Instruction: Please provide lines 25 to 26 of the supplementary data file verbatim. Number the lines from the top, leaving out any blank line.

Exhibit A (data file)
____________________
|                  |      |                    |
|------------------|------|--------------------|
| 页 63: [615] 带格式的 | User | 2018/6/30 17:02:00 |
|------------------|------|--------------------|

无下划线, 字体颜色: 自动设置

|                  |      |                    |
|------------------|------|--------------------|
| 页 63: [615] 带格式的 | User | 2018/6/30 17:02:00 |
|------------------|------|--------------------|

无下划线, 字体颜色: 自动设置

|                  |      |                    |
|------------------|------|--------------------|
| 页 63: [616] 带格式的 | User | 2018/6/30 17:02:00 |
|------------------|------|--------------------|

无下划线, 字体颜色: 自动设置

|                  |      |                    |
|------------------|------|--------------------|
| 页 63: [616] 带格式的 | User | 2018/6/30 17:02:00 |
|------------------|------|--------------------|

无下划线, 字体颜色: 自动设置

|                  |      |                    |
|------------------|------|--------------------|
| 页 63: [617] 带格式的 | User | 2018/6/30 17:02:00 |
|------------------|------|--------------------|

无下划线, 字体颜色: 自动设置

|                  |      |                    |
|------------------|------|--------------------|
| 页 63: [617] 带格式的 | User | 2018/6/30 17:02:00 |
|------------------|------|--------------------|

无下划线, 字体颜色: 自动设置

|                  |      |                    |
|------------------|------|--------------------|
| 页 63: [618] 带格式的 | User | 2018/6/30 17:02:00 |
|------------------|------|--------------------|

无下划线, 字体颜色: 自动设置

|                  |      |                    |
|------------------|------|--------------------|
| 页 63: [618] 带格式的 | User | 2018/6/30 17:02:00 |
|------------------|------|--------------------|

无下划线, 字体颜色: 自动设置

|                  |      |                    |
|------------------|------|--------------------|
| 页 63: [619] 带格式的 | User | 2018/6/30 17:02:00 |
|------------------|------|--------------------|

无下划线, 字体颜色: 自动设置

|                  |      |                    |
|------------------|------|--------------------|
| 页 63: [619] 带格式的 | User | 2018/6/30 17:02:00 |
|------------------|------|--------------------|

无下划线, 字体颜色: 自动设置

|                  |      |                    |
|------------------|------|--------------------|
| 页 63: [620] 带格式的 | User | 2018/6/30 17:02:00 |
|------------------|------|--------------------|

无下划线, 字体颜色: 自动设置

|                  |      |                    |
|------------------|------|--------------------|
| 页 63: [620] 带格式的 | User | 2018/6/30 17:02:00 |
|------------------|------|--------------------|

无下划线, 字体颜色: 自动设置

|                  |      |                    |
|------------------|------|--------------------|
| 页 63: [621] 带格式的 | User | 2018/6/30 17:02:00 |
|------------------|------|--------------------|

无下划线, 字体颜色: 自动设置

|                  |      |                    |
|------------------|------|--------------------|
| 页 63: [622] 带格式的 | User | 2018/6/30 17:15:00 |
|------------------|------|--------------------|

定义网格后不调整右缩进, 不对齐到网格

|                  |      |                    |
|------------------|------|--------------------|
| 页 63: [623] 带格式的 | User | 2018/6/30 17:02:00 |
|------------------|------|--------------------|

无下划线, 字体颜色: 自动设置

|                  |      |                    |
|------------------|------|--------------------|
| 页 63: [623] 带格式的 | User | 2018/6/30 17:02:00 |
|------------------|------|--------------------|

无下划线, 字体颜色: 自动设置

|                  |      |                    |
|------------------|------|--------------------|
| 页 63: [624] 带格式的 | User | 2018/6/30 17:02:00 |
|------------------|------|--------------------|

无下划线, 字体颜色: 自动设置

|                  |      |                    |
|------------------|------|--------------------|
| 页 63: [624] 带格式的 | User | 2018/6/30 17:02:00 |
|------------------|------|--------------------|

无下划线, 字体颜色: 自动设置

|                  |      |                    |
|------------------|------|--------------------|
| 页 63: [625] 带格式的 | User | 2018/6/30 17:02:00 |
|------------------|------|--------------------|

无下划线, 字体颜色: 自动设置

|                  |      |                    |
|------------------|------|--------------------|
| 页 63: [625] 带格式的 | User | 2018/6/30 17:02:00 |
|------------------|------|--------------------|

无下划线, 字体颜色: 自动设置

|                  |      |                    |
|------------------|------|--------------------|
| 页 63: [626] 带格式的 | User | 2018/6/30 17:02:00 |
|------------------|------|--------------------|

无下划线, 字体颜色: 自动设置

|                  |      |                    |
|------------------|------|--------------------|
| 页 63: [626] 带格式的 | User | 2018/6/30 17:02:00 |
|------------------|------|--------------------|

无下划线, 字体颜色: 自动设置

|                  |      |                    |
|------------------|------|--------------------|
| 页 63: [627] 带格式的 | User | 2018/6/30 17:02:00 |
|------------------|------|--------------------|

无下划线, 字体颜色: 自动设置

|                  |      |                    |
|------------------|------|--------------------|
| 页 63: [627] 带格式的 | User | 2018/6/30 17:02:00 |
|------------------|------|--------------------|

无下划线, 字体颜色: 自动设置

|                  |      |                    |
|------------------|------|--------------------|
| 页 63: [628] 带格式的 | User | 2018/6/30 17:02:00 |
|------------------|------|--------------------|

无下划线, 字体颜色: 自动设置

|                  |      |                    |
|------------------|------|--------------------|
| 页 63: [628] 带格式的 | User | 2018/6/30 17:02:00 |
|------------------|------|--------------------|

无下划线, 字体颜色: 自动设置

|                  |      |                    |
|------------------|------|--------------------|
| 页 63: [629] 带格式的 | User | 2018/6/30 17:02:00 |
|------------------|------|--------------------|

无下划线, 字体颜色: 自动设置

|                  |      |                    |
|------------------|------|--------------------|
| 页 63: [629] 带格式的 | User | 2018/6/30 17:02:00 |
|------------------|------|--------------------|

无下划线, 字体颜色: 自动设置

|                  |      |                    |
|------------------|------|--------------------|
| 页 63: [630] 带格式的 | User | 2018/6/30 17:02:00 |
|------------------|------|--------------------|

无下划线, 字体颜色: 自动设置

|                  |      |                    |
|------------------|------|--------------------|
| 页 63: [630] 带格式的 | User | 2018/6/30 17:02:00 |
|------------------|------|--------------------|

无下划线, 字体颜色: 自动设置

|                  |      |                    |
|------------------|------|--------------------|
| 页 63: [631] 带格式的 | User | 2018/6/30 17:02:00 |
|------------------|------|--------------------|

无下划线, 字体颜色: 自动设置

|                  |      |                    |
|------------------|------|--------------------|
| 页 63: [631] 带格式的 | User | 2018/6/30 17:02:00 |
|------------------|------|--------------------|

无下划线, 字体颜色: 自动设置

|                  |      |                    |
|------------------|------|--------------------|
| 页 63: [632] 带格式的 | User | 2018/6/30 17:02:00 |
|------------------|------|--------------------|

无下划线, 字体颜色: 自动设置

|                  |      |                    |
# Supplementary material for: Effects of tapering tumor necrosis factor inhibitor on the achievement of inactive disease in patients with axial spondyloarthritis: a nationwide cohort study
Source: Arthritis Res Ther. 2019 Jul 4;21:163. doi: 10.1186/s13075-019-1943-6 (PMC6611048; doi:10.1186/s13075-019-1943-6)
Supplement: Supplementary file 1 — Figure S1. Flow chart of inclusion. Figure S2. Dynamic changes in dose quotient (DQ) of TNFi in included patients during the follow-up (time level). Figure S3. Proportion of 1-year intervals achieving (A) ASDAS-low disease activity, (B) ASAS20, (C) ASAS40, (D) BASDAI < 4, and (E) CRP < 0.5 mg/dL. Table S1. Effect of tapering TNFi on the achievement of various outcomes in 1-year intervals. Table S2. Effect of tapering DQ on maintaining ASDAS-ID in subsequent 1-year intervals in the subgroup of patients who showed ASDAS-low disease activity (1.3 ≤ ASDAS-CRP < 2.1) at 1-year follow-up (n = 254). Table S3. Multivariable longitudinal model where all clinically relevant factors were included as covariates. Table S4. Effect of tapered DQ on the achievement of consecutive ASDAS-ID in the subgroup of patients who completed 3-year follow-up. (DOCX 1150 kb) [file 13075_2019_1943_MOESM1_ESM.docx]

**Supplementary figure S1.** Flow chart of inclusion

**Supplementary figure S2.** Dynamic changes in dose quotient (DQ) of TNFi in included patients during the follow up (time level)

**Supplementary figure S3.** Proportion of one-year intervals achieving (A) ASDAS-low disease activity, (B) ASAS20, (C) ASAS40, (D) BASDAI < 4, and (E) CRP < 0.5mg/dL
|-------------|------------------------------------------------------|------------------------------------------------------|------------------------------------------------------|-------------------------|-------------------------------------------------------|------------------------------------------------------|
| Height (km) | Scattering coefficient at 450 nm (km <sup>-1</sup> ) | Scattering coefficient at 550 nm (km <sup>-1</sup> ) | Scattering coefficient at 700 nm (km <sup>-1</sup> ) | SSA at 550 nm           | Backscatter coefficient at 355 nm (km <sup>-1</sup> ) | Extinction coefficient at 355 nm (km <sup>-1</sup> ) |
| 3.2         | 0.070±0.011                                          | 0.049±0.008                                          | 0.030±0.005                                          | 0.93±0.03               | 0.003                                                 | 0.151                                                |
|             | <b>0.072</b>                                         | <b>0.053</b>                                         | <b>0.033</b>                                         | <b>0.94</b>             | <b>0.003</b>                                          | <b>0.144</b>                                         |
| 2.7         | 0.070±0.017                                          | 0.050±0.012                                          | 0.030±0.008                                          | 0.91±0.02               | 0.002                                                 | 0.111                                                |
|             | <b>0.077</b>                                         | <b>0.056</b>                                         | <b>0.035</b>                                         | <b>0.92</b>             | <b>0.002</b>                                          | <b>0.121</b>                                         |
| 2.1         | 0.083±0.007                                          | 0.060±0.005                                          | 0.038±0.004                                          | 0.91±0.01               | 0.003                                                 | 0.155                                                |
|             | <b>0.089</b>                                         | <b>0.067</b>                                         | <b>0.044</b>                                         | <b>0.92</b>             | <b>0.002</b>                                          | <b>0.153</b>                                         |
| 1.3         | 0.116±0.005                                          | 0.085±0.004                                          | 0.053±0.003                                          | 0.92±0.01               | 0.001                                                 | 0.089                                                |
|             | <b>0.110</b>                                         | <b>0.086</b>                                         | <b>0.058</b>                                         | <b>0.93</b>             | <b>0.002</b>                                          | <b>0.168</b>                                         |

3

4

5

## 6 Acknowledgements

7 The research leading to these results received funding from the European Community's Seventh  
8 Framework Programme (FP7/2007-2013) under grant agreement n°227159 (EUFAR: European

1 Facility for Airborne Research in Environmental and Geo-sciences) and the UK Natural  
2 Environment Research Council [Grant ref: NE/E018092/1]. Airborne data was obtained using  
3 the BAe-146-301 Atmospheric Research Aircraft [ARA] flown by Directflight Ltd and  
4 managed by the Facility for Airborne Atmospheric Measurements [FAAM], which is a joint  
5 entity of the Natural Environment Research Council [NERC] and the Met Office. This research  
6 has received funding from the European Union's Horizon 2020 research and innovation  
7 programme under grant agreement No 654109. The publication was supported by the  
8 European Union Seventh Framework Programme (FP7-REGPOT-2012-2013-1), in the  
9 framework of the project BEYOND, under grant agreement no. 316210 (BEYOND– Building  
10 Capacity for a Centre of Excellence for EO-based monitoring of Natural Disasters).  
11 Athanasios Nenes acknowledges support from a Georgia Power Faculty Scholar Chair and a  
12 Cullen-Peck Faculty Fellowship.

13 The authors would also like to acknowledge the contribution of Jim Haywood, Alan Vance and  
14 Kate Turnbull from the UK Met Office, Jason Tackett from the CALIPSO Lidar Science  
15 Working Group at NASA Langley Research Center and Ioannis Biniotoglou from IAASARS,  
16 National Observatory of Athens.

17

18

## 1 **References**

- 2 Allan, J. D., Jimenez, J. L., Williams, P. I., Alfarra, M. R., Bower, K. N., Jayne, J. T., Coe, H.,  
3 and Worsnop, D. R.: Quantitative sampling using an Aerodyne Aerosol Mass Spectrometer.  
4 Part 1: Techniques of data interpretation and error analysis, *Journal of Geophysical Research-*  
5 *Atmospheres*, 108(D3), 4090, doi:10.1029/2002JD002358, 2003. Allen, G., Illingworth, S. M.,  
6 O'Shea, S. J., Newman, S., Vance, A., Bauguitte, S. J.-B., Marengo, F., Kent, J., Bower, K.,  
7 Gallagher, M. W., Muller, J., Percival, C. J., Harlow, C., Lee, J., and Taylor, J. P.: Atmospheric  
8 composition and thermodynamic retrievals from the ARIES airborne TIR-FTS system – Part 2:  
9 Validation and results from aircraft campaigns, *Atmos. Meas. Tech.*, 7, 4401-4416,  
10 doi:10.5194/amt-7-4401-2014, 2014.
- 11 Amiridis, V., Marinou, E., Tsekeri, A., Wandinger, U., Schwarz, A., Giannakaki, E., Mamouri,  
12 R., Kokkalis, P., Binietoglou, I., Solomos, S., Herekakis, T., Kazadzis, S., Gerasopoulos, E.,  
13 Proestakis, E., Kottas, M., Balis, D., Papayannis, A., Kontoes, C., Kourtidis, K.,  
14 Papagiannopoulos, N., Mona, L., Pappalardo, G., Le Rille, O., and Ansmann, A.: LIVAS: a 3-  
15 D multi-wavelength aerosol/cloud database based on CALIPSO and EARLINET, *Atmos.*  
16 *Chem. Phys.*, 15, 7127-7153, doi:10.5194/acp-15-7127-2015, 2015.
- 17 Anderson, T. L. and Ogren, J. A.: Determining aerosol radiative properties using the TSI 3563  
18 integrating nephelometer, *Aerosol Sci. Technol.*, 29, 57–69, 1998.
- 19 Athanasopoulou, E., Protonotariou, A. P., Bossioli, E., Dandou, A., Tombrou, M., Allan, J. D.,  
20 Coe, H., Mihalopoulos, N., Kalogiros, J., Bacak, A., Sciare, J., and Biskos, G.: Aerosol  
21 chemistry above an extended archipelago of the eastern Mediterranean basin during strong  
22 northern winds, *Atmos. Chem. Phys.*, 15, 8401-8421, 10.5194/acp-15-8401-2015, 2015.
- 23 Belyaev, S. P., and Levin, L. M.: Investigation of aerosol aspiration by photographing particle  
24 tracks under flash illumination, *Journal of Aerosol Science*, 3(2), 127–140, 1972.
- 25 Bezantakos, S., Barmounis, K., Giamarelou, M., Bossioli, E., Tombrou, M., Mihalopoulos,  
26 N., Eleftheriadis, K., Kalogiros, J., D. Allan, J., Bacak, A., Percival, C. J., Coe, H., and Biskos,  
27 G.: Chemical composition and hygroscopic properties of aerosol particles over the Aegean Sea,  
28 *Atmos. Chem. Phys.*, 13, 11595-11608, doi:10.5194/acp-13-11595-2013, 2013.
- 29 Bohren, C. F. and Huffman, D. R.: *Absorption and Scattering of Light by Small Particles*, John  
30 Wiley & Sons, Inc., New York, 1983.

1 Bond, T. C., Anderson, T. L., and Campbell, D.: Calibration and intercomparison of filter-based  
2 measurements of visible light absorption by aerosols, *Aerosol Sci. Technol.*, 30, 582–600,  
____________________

无下划线, 字体颜色: 自动设置

|                  |      |                    |